Christian de Duve
New York: Basic Books, 1995, 362 pp
The view of the origin of life as a kind of cosmic accident -- a "one-off" event, in British parlance -- has achieved wide currency within evolutionary thinking. Perhaps its ablest spokesman was Jacques Monod, who wrote in Chance and Necessity:
Life appeared on earth: what, before the event, were the chances that this would occur? ...[I]ts a priori probability was virtually zero. The idea is distasteful to most scientists.
Among those who find the idea of life as a cosmic fluke distasteful is the Belgian cell biologist and Nobel laureate Christian de Duve. The argument, he observes in his new book Vital Dust, put the origin of life outside the reach of science:
If this were so, we would be wasting our time trying to explain the origin of life in scientific terms. A number of eminent scholars have made this claim. Some have even pushed it to its logical conclusion, that if life is a highly improbable product of chance, it has no place in any sort of cosmological view we may entertain... Its emergence was a "lusus naturae," a cosmic joke. In the words of the late Jacques Monod, one of the greatest French biologists: "The universe was not pregnant with life." This statement has profound philosophical implications (p. 8).
De Duve is himself a determinist about the origin of life and its subsequent evolution. While allowing that contingency will play a role in any evolutionary sequence, de Duve sees the universe as "a hotbed of life" (p. 292), where the emergence of organisms is almost certain to occur once conditions are right -- as, he argues, they often must be:
In this organic cloud [of carbon com-pounds], which pervades the universe, life is almost bound to arise, in a molecular form not very different from its form on Earth, wherever physical conditions are similar to those that prevailed on our planet some four billion years ago. The conclusion seems to me almost inescapable. Those who claim that life is a highly improbable event, possibly unique, have not looked closely enough at the chemical realities underlying the origin of life. Life is either a reproducible, almost common-place manifestation of matter, given certain conditions, or a miracle. Too many steps are involved to allow for something in between. (p. 292)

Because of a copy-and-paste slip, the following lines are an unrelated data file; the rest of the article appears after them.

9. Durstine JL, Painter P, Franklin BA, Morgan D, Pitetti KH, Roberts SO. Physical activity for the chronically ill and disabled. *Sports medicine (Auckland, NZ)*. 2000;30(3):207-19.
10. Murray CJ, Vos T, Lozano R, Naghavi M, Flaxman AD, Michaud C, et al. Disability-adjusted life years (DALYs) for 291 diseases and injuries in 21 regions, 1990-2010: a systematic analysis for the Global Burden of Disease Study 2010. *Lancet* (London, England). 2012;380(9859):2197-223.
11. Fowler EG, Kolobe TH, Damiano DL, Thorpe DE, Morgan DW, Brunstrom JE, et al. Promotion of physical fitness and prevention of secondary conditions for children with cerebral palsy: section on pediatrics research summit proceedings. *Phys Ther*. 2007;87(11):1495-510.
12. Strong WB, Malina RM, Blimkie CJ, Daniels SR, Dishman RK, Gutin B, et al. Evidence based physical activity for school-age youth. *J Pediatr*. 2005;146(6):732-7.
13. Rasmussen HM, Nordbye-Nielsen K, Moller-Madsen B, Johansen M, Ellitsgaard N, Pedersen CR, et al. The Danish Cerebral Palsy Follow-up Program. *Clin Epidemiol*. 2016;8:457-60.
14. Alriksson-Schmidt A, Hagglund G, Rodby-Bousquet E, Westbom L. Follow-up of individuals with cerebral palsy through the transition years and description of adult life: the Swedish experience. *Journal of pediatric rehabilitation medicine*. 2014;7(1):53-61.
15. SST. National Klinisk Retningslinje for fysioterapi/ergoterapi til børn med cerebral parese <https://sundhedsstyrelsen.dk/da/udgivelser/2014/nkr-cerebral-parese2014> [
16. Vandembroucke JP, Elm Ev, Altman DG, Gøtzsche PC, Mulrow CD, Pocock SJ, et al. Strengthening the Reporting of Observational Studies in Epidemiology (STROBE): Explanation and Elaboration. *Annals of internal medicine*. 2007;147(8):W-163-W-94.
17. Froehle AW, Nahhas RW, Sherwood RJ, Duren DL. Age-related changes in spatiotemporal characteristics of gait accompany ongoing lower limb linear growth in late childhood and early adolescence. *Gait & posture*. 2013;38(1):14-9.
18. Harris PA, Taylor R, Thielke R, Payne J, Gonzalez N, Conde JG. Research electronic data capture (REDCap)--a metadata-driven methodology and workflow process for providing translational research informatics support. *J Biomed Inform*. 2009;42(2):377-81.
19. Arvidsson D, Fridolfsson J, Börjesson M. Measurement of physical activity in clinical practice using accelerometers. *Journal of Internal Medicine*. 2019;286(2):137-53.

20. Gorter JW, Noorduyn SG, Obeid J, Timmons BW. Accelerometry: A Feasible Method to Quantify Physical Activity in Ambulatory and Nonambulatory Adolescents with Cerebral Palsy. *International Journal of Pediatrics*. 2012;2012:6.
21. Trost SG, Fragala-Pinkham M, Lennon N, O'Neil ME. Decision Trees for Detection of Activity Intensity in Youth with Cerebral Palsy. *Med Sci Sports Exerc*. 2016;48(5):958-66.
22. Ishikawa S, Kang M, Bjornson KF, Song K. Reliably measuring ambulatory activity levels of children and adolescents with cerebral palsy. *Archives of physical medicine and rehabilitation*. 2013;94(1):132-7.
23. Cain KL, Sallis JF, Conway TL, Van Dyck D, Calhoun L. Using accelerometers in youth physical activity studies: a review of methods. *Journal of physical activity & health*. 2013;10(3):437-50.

In Vital Dust, de Duve spells out in seven parts his "deterministic" case for the evolution of life, complex organisms, and, eventually, intelligence. Scientists, he writes, "are condemned by their calling to look for natural explanations of even the most unnatural- looking events," and what counts as an explanation is not "the facile recourse to chance" (p. 24).
Thus, parts I to III are de Duve's argument for the relative ease of prebiotic and "protocell" evolution, parts IV to VI from the single cell to human intelligence, and part VII, evolution into the unknown (including, in a philosophical coda, the meaning of life).
While Vital Dust is engagingly written, it falls far short of showing that Monod was wrong -- or, perhaps, that design theorists such as Charles Thaxton are wrong, when they argue that known physical and chemical regularities are insufficient to account for the specified complexity of even the simplest organisms. In particular, de Duve's scenario for the origin of life, in which "protometabolism" produces the materials necessary for the RNA world of the first self-replicating molecules, is, he admits, "purely conjectural" (p. 45). Hence, the reader is left with a sense of grand claims for determinism which cannot be sustained by empirical particulars. Sure, it's easy to build the Pyramids of Giza. Just put one brick on top of another, and stop when you're done. But determinism is, one might say, as determinism does -- and de Duve hasn't done it (that is, show how the origin of life is natural and inevitable, given the right conditions). Rather, he's written a suggestive appeal for further research, to show how it might be done.
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